Detroit mayor-elect Mike Duggan will have broad powers to run the city’s day-to-day business.
Duggan and emergency manager Kevyn Orr have reached a power-sharing agreement that gives Duggan control over most city functions.
While Duggan will have substantial operational powers, he’s also promised not to “interfere” with any of Orr’s financial control.
That includes with the plan of adjustment Orr will propose to adjust Detroit’s debts in bankruptcy court. During his campaign, Duggan said he would “go to the bankruptcy judge” and try to influence that process if necessary.
Admitting that “I didn’t get everything I would have liked,” Duggan says it’s a good deal overall.
“I could either have said to the citizens, ‘I’ll wait until October first and not participate, and just take shots at the emergency manager,’ or ‘I’ll step in now, and deal with those areas that I have responsibility for, and try to change the quality of life,’” Duggan says.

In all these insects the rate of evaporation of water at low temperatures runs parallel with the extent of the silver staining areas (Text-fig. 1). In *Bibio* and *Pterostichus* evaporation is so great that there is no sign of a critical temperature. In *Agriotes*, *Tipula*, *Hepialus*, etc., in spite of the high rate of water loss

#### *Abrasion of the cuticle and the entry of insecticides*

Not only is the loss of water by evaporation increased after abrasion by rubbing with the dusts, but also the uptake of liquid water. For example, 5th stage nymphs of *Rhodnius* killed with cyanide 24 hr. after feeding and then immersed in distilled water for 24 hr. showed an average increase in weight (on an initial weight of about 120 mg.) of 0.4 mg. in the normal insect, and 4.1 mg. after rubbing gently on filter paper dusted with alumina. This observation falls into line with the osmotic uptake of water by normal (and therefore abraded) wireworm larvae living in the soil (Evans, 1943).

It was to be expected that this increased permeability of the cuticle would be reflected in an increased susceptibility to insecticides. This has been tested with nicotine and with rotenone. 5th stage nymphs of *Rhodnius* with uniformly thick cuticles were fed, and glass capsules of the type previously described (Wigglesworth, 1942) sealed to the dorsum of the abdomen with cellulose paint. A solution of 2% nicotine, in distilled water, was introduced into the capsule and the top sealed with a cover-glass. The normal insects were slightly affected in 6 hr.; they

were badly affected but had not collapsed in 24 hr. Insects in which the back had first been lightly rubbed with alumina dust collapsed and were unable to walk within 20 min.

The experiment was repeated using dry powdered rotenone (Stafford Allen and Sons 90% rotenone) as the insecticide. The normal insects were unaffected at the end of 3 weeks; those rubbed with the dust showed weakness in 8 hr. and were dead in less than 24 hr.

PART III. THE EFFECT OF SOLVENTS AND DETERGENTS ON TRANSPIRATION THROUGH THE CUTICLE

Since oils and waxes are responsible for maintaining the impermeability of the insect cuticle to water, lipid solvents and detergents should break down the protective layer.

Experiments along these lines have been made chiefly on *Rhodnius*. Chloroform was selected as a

Duggan says he will still try to influence the process through mediation with chief U.S. District Judge Gerald Rosen, particularly when it comes to cutting retiree pensions and selling city assets, two more things Duggan campaigned against.
“I’m going to continue to advocate within the process,” Duggan says. “What you will not hear me do is publicly criticizing the emergency manager.”
Duggan also named some key appointments to his cabinet. Among them: former Detroit State Representative Lisa Howze as chief of staff; and former Detroit Police Chief Ike McKinnon as deputy mayor.
Orr retains direct authority over the police department, but the fire department will report to McKinnon.